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View Each Letter of the Alphabet in All Available Styles: A B C D E F G H I J K L M N O P Q R S T U V W X Y Z

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3 Letter Monograms

Single letter monograms (either first of last initial) were the most common type until the beginning of the 20th Century. Three letter combinations are now the most common form. See the results of our Rules of Monogramming focus group for letter placement.

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Best Hooping Technique

The best hooping technique - not too tight and not too loose. If you need to make adjustments to take up slack once the fabric is hooped, don't get carried away and stretch the fabric too tight!

Change Needles

Don't forget to change needles regularly. Old needles can cause thread breaks and inconsistent embroidery.

Create New Designs

If you think of letters more abstractly, you can create all sorts of new designs from them. Try turning a letter on its side, then link several copies together to create a decorative border.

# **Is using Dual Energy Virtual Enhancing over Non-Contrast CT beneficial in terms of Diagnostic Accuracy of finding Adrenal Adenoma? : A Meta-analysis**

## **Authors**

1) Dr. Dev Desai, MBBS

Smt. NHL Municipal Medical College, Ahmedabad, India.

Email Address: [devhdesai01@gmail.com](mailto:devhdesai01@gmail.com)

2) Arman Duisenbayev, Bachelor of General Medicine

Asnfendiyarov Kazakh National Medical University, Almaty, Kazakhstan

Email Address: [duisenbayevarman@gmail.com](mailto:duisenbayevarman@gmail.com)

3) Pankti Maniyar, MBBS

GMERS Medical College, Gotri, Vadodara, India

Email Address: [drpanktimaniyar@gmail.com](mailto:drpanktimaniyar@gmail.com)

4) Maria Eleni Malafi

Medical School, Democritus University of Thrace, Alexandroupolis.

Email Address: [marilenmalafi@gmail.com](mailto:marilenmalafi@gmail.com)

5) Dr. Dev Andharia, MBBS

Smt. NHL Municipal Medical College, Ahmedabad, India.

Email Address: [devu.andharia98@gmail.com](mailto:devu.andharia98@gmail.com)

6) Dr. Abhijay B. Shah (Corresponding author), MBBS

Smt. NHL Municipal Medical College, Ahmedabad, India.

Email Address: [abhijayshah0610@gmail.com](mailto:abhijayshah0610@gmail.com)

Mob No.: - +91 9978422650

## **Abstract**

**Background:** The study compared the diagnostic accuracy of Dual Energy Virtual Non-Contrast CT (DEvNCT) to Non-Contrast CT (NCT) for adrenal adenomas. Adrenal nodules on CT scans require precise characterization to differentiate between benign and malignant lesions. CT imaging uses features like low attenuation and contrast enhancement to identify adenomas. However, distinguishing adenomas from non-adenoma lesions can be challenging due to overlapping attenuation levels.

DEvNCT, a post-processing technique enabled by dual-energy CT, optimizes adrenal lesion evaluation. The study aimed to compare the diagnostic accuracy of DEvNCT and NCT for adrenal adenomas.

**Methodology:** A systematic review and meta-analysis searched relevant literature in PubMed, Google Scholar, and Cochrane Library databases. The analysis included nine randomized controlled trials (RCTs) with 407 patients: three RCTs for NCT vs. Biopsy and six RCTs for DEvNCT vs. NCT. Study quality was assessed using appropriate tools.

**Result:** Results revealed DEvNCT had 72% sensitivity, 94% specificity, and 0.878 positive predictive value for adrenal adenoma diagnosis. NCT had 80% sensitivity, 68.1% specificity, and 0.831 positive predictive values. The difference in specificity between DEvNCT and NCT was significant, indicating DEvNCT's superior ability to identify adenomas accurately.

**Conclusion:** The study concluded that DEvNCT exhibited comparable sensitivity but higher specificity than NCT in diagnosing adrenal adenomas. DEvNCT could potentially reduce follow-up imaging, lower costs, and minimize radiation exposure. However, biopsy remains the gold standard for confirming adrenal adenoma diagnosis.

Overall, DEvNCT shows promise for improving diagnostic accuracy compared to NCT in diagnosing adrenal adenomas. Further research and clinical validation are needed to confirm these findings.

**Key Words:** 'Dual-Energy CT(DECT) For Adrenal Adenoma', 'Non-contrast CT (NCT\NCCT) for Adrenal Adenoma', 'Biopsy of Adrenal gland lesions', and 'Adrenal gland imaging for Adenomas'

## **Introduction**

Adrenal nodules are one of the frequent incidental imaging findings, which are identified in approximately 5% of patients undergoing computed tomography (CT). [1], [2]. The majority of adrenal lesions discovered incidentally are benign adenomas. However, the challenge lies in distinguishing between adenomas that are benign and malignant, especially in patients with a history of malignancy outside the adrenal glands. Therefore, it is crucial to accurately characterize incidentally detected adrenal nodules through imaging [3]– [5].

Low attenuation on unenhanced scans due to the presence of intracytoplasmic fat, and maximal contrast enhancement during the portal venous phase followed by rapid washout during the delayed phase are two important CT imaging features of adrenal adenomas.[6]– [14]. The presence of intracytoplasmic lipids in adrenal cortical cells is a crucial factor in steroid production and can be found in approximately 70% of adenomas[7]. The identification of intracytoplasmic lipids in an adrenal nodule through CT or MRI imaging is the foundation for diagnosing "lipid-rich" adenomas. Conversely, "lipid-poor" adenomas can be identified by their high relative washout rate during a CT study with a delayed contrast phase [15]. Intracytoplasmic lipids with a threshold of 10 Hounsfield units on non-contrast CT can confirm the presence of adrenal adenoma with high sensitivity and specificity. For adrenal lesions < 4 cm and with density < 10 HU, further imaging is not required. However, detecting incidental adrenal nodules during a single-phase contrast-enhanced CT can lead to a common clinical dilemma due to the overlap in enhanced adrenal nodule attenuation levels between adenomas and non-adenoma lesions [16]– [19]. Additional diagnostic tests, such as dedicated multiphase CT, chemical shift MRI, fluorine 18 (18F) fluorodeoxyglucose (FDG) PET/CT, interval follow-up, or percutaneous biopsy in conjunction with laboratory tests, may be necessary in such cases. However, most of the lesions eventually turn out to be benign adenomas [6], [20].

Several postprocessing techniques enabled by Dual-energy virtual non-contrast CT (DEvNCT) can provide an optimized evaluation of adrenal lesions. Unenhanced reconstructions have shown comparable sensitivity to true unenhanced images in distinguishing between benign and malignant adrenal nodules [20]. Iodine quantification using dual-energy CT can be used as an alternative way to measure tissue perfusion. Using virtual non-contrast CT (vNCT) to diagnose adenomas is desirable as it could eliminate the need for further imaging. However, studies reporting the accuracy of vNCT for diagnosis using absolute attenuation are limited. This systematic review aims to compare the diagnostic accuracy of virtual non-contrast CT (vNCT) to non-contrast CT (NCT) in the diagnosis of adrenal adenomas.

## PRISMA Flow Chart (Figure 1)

Cotton Thread

Many heirloom monogrammers find that rayon or polyester thread has too high a sheen for their projects, and are interested in using cotton thread to simulate the look of older pieces.

Standard rayon and poly thread is manufactured in 40 weight, and the industry standard for digitizing stock designs is to create densities that sew properly with thread of this weight.

Cotton thread is often found in 50 weight. A higher thread weight translates to a thinner thread. If you use 50 weight thread on a design that is digitized for 40 weight thread the result will be a reduction in density. You can compensate for this by using your embroidery/resizing software program to increase the density throughout the design. These density settings can sometimes be counter-intuitive - a lower setting will produce a higher density - so a sew-out to establish the correct formula is essential. The sew-out will also confirm the amount of density increase that is necessary.

When used in an embroidery machine, cotton thread produces more lint than rayon or poly, so be prepared to clean out any buildup under the machine's throat plate and in the bobbin area on a regular basis.

Curved Lines

In embroidery, there is no such thing as a curved line. A curve is composed of small straight connected sections, travelling from one point to the next.

Curved Tweezers